Speaking in the Monday general session of the Truckload Carriers Association's Safety & Security Division meeting in Nashville, Tennessee, Federal Motor Carrier Safety Administration Chief Safety Officer Jack Van Steenburg sought to emphasize a tragic aspect of 2021 preliminary crash numbers, which Overdrive reported on recently. That's the number of large truck occupants, whether driver or a passenger, who were killed as a result of a 2021 crash.
Van Steenburg said that "831 truck drivers or truck drivers' passengers lost their lives" in 2021 in a crash. Compared to numbers a decade ago in 2011, that's nearly a 33% percent increase. "The thing that's really mind-boggling to me," Van Steenburg added, is that 43% of those deaths were of drivers or passengers not wearing a seatbelt; another 25% could well be drivers without a seatbelt, too, given use of the restraint device wasn't noted on a quarter of accident reports.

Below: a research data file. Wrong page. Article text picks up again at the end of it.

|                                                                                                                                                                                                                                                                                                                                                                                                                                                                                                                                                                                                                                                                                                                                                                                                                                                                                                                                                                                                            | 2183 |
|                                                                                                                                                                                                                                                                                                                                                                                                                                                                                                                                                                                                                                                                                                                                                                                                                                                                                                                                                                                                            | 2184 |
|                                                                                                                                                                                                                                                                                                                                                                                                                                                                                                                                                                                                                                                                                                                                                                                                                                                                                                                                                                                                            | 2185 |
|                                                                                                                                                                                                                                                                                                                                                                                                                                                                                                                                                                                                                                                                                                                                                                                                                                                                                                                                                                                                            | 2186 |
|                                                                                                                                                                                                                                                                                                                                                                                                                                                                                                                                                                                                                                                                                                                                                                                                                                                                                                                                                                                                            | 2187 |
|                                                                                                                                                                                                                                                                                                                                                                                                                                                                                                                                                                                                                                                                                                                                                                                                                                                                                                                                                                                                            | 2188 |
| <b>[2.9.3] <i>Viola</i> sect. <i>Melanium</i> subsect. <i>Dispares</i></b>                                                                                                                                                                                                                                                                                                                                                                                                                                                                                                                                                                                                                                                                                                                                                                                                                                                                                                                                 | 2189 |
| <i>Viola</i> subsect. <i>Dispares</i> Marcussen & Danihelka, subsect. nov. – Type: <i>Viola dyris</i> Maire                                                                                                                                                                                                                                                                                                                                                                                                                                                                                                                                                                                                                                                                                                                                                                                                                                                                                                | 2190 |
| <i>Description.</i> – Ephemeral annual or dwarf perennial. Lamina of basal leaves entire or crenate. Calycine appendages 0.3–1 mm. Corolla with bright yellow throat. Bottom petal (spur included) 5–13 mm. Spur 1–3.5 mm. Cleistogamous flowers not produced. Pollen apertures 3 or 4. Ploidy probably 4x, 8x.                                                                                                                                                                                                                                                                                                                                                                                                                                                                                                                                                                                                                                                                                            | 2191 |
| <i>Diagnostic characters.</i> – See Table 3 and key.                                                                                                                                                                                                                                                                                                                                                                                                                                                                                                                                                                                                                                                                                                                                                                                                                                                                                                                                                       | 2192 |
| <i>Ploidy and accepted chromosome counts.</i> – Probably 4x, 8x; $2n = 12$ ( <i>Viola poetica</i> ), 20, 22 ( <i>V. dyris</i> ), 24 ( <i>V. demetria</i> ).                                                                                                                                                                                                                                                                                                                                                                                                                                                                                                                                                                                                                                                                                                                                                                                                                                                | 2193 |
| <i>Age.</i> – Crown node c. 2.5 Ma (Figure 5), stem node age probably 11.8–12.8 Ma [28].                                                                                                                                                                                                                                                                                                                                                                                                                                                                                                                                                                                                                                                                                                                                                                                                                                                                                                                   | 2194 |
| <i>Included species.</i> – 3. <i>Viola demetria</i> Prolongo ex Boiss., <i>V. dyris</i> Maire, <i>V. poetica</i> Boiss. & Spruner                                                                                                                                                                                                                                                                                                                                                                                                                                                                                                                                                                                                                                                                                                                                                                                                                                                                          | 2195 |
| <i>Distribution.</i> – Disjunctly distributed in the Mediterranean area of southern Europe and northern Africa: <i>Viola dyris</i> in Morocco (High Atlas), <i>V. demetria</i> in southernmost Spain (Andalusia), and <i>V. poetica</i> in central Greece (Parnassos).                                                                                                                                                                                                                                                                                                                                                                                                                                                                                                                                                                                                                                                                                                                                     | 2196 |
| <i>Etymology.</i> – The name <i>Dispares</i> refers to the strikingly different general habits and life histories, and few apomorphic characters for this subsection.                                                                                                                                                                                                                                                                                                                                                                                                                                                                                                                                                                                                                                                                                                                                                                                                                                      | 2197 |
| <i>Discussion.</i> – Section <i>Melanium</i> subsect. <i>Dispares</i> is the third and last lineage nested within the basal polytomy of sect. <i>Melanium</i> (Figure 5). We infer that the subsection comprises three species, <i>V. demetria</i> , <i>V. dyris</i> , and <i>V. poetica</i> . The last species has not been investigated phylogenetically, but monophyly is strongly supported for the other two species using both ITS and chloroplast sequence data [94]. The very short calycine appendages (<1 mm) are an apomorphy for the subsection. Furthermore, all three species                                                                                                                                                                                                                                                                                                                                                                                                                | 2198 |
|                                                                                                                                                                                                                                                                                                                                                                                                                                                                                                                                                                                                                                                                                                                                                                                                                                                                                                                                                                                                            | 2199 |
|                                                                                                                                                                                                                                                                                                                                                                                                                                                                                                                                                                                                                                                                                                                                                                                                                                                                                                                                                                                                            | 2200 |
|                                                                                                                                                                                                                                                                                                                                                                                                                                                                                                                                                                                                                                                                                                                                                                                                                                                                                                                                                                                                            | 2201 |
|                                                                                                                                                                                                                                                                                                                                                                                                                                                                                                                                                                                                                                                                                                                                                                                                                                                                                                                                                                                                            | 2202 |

"You’re all safety people," he addressed the assembled at the conference of carrier safety personnel. Clearly, a simple reminder of seatbelt regulations might go a long way toward getting field personnel home in one piece, as traffic/congestion rises along with overall crash numbers. "People positively ignore those regulations," Van Steenburg said, noting driver deaths impact friends, families, and entire companies.
Looking at the broader statistical categories, Van Steenburg strives to see "real people" in the numbers, he said. "The outlook’s not good -- working together, we can do a lot more, and do a lot better."